Thus we see how the English laws were here established, and how from time to time the king's subjects of Ireland were ruled, not only by the common laws, but also by the statute laws of England: notwithstanding, for the ordering of their particular affairs, wherewith the nobility and commons of that other realm could not be so well acquainted, they have had always, as proper courts, so likewise proper parliaments of their own in this land. The first order out of England for this matter, that I
P Stat. Hib. 28. Hen. VIII. cap. 19.
meet withal, is a constitution of King Edward II. in the twelfth year of his reign, remaining among the close rolls in the tower of London, that parliaments should be held every year in the land of Ireland; but that respecteth the determination of the time, rather than the first institution of parliaments in this country: for in the chronicles of Ireland, and especially in the annals written about the year 1370. which Phillip Flattesbury followed in his collections, and my learned friend Mr. Camden, at my entreaty hath lately published out of the Lord William Howard's library, there is mention made of sundry parliaments holden here in this same king's reign before this order was taken; as may be seen in the said annals at the years of our Lord 1309. 1310. 1315. and 1317. So likewise in the days of Edward I. anno 1294. " Richardus comes Ultoniæ," saith the same author, "cito post festum sancti Nicholai captus est per dominum Johannem filium Thomæ, et in castro de Lega, id est, Ley, detentus est usque ad festum sancti Gregorii papa; cujus liberatio facta fuit tunc per concilium domini regis in parliamento de Kilkenny." And, to ascend higher unto the time of Henry III. in the register of the archbishop of Dublin there is to be seen: 66 Inquisitio facta ad parliamentum de TristelDermod die Mercurii proxima post festum sancti Trinitatis, anno 48. H. III. coram D. Richardo de Rupella, capitali justiciario Hiberniæ, et coram Domino Hugone de Tachmone episcopo Midensi, tunc thesaurario," &c.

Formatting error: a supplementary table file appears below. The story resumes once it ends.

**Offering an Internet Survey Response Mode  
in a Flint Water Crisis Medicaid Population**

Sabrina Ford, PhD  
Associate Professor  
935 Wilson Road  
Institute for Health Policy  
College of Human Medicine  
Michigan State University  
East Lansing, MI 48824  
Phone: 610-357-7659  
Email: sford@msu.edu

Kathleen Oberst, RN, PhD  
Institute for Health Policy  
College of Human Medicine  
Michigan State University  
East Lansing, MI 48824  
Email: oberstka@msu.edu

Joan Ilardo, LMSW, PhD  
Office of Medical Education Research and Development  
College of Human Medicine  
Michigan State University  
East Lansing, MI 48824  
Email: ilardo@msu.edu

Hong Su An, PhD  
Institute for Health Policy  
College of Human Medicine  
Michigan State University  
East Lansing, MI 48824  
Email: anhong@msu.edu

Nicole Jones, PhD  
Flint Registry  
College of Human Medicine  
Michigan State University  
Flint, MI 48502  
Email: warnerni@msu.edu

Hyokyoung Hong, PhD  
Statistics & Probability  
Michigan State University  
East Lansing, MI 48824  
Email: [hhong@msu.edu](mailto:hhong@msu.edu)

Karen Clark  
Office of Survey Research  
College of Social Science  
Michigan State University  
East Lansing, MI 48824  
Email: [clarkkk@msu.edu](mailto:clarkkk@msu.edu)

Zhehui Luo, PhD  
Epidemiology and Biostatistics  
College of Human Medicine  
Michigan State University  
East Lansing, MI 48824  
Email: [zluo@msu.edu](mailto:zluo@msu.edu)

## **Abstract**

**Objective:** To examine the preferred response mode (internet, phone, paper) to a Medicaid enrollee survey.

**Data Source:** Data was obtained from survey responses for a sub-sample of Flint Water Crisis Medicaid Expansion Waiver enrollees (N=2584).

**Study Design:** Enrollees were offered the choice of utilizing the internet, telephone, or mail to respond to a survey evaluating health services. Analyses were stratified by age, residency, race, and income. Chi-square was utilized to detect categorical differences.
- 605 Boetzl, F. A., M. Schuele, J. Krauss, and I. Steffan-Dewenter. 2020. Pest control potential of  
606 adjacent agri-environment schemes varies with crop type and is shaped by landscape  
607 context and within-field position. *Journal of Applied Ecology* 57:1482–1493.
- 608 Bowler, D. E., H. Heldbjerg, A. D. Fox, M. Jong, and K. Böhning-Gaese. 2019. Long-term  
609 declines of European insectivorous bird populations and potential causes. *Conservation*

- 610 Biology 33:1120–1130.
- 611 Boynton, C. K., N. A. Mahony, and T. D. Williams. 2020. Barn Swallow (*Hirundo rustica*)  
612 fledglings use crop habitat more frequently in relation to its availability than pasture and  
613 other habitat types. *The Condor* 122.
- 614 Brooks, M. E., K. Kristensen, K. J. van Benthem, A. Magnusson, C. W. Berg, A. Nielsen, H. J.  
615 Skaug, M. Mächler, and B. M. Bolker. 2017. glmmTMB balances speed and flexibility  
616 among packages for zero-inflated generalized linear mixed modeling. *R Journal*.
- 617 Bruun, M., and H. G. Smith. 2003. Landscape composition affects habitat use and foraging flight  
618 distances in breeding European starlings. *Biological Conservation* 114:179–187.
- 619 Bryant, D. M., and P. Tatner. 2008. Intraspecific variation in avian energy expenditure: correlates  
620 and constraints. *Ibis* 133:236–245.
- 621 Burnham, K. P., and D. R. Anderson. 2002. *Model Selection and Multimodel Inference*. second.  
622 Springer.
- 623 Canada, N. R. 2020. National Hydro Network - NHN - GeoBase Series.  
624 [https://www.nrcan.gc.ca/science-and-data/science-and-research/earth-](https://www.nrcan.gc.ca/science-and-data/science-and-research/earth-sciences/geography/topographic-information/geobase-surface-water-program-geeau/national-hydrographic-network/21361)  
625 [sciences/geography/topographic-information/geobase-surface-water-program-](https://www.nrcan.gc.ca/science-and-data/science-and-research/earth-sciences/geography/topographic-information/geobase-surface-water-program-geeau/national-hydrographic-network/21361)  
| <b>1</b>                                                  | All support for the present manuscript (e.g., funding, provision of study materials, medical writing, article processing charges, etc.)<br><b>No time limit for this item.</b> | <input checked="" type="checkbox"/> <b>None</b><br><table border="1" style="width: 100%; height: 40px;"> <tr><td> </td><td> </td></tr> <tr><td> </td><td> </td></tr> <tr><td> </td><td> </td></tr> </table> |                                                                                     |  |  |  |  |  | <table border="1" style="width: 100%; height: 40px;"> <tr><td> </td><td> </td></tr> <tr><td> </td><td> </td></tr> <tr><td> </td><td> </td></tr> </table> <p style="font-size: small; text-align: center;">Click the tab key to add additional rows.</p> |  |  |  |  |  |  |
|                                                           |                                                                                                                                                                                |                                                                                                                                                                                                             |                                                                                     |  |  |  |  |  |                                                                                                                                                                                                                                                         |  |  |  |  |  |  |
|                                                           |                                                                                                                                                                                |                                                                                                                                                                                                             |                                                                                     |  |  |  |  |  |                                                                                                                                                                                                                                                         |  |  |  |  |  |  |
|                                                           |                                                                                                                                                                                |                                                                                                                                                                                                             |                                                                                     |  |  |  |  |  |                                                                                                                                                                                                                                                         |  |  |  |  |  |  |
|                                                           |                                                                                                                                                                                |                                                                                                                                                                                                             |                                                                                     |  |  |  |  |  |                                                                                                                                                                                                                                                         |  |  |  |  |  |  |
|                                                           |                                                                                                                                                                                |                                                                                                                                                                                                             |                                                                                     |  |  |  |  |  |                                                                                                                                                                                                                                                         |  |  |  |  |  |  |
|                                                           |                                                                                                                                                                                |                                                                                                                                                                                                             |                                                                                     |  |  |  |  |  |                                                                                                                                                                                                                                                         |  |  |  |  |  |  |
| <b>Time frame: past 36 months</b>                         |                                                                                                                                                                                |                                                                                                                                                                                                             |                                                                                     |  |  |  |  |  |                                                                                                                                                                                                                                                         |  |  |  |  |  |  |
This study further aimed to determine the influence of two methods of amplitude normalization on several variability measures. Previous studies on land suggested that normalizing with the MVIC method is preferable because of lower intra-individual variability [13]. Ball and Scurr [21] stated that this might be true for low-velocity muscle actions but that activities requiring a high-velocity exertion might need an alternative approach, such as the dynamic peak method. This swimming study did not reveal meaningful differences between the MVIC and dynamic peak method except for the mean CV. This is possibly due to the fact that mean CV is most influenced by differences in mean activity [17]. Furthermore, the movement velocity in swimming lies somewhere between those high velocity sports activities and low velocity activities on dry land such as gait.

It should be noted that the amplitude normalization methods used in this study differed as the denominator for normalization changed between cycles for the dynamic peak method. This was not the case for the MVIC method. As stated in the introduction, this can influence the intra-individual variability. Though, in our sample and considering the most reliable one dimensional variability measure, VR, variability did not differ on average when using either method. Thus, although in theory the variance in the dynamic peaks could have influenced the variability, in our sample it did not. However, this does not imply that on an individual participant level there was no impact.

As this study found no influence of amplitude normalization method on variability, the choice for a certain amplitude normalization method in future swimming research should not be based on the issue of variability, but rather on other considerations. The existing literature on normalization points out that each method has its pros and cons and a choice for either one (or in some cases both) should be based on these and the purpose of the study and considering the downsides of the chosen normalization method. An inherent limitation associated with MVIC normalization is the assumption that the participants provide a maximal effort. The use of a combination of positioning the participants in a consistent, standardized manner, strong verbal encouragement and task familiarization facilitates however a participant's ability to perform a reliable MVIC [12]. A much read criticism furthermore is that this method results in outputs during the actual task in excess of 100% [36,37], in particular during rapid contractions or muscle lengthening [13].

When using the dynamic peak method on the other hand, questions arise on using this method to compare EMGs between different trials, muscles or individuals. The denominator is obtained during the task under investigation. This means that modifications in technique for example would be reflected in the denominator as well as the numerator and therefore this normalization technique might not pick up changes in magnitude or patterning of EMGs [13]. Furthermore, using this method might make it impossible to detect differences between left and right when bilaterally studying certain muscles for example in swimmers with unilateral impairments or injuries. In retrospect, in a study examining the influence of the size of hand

Yet all parliaments, that we read of in the chronicles, are not to be accounted to have been of the same nature; but a distinction may be observed therein of petite, and grande parliaments for the name is sometimes given to such meetings, as were parlies, rather than parliaments; as in the foresaid annals, anno Domini 1368. R. Edw. III. 42. "In Carbria post quoddam parliamentum finitum inter Hibernicos, et Anglicos capti sunt frater Thomas Burley', prior de Killmaynan, cancellarius regis